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Weather Attire?

Zardnaar

Deity
Joined
Nov 16, 2003
Messages
20,051
Location
Dunedin, New Zealand
Stupid question how do you dress for the weather? I'm getting older now so are starting to layer up.

Think it's close to freezing outside. About to go to bed but the heat pumps been off for hours. Wearing track pants, t shirt and a sweatshirt. Cats on me though.

If I go outside I'll throw on a puffer vest and maybe a beanie hat if it's really cold (below 10 Celsius).

If it's below freezing or close to it I'll add a thin long sleeve jacket or remove vest and wear a thicker coat.

When I was younger school uniforms weren't the most practical. Shirts year round long sleeve shirt under the jersey in winter short sleeves in summer. 5km bike ride in shorts middle of winter 7:30-8am. Middle of winter could freeze over.

Rugby is also a winter sport here If the field is frozen you play anyway. In shorts.

Summer shorts and t shirt. Probably get sun burnt. Those early grunge shirts from 1991? Similar shirts are still available locally. Practical due to weather. Think I own around 4.

Bought a sunhat last summer.
 
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At least 3 layers for Canberra winter mornings or nights. A good jacket too, not something made primarily for Sydney and Melbourne's mild winters.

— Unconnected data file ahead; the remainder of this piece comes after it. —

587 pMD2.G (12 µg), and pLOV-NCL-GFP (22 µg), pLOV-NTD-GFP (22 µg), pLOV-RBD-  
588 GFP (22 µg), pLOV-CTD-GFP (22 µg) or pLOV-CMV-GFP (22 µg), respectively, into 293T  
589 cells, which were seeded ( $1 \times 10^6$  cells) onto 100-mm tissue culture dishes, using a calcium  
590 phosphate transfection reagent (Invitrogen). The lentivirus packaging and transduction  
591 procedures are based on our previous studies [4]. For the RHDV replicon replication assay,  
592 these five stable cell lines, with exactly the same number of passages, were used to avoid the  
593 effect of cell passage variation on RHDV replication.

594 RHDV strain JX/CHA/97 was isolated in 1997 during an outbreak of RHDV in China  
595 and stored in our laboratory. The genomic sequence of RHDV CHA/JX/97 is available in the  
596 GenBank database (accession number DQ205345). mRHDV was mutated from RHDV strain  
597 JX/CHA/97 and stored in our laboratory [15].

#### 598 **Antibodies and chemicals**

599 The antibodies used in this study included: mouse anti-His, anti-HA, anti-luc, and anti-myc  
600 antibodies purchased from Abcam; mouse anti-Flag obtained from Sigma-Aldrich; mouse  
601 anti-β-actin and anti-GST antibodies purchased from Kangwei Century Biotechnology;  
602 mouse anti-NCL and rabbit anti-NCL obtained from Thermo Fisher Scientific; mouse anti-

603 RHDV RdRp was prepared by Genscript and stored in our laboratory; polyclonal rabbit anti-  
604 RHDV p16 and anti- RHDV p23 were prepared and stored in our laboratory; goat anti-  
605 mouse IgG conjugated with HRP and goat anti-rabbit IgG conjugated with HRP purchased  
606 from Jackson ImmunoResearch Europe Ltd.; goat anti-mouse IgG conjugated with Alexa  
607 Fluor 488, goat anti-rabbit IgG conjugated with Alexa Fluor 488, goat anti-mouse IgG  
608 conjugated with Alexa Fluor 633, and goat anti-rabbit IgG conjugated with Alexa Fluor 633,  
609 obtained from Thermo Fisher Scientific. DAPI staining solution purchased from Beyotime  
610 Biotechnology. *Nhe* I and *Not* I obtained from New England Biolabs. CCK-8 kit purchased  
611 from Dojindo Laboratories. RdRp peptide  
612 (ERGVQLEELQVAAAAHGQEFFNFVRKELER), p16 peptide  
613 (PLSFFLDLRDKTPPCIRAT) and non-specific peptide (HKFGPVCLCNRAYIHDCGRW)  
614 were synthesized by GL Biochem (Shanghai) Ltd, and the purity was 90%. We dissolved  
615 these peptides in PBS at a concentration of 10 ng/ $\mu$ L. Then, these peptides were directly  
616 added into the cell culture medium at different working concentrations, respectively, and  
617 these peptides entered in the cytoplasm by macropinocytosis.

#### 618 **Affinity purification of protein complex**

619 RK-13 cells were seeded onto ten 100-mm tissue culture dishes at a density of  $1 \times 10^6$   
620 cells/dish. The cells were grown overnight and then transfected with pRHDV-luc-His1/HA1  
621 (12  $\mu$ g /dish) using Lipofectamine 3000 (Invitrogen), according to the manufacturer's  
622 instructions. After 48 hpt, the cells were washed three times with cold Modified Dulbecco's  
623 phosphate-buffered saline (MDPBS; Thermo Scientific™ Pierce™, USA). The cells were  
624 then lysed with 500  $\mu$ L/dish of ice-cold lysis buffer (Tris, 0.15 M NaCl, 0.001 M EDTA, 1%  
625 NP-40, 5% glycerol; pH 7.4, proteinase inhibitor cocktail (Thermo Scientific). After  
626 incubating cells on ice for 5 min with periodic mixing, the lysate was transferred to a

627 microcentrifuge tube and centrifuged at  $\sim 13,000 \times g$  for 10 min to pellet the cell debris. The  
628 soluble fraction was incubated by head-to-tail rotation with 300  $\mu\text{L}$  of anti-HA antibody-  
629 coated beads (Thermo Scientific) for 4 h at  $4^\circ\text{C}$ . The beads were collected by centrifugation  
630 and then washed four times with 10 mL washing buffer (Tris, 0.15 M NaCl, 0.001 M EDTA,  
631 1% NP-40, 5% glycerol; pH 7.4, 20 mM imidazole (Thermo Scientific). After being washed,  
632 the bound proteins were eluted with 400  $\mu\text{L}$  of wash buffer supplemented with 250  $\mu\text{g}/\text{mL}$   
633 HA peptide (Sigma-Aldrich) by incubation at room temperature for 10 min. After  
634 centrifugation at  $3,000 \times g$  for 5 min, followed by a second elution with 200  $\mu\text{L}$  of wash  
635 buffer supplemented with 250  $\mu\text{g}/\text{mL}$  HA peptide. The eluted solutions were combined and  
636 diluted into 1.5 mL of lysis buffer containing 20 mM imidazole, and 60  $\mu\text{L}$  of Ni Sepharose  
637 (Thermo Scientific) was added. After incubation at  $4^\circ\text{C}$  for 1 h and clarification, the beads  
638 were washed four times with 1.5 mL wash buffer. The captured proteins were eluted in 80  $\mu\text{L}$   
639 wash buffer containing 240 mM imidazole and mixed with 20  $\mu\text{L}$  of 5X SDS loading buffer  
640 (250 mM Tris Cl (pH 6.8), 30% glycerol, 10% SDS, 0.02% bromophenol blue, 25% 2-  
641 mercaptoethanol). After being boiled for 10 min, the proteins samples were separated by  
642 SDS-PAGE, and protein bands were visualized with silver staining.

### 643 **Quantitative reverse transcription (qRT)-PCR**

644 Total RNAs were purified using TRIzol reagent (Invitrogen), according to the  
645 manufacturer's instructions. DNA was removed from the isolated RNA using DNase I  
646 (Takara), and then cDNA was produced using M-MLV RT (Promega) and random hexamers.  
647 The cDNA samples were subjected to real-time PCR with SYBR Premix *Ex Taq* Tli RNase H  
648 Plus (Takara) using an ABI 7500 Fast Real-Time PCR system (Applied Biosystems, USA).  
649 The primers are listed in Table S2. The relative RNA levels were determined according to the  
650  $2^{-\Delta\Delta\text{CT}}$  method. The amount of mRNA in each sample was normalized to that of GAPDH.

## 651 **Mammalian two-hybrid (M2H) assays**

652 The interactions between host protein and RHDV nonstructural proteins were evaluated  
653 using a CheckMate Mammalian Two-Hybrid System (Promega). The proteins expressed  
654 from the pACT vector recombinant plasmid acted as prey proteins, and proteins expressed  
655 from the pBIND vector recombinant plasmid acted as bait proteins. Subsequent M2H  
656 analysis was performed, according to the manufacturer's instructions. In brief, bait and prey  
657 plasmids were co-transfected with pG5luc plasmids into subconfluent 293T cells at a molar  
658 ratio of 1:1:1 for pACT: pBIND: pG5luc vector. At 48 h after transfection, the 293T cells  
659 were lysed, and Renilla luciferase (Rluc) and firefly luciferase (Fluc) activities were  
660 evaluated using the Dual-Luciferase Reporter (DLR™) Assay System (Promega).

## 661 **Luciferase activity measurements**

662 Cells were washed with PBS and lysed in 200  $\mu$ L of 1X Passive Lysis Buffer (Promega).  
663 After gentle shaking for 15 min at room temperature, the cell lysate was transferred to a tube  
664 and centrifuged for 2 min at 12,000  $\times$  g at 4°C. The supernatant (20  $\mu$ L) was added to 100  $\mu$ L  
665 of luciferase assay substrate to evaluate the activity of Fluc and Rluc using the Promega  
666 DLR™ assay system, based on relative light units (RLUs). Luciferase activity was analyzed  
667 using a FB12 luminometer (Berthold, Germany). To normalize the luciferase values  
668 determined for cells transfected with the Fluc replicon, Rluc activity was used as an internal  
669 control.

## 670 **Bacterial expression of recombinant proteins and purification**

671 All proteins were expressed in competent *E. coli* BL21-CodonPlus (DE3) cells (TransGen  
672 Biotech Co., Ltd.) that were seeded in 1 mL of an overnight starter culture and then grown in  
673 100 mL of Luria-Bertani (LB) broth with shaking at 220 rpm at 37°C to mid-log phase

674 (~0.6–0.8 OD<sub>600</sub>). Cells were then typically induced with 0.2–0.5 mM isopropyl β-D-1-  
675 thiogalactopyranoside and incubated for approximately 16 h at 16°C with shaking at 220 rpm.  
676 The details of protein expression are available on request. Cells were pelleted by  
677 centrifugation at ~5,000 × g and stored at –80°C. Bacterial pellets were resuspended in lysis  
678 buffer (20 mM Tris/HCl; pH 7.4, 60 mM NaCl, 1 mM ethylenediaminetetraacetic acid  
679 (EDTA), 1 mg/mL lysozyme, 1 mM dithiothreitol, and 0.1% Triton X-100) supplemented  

When it is 98 in NM, just three pieces of clothing are necessary, plus a hat.
 
When it is 98 in NM, just three pieces of clothing are necessary, plus a hat.

So you go barefoot? I assume the 3 pieces of clothing are underwear, shirt, and pants/shorts.


Dressing for the weather here differs, depending on one's tolerance to heat/cold. I actually have fleece blankets on my bed right now and was thankful for them this morning even though yesterday was horribly hot. Hypothyroidism has meant that my feet can feel like they're freezing even in the middle of July. So while my feet were under 3 layers of fleece this morning, the rest of me wasn't.

Dressing for winter depends on temperature and wind/wind chill. -20C without wind chill is considerably warmer than when there is a wind. I have two coats - one is a heavy winter coat that gets used when the temperature goes below -25C or when it's -20C + wind. The other coat is a jacket that's good for year-round; it will do for spring, rainy days in summer, and it's good for fall. Of course I do dress in layers underneath, and the temperature/wind will determine if that's a single layer, single layer with sweater, whether my top is short-sleeved, long-sleeved, combination, lightweight or heavier... the thing about layers means that if you're overheated you can remove one layer. I always have a toque with me, with two pairs of gloves - one light, the other heavy. Depending on the temperature/wind I will wear one pair or the other, or both on really cold days. And like most sensible people here, I avoid going outside in -30C or colder unless I absolutely have to.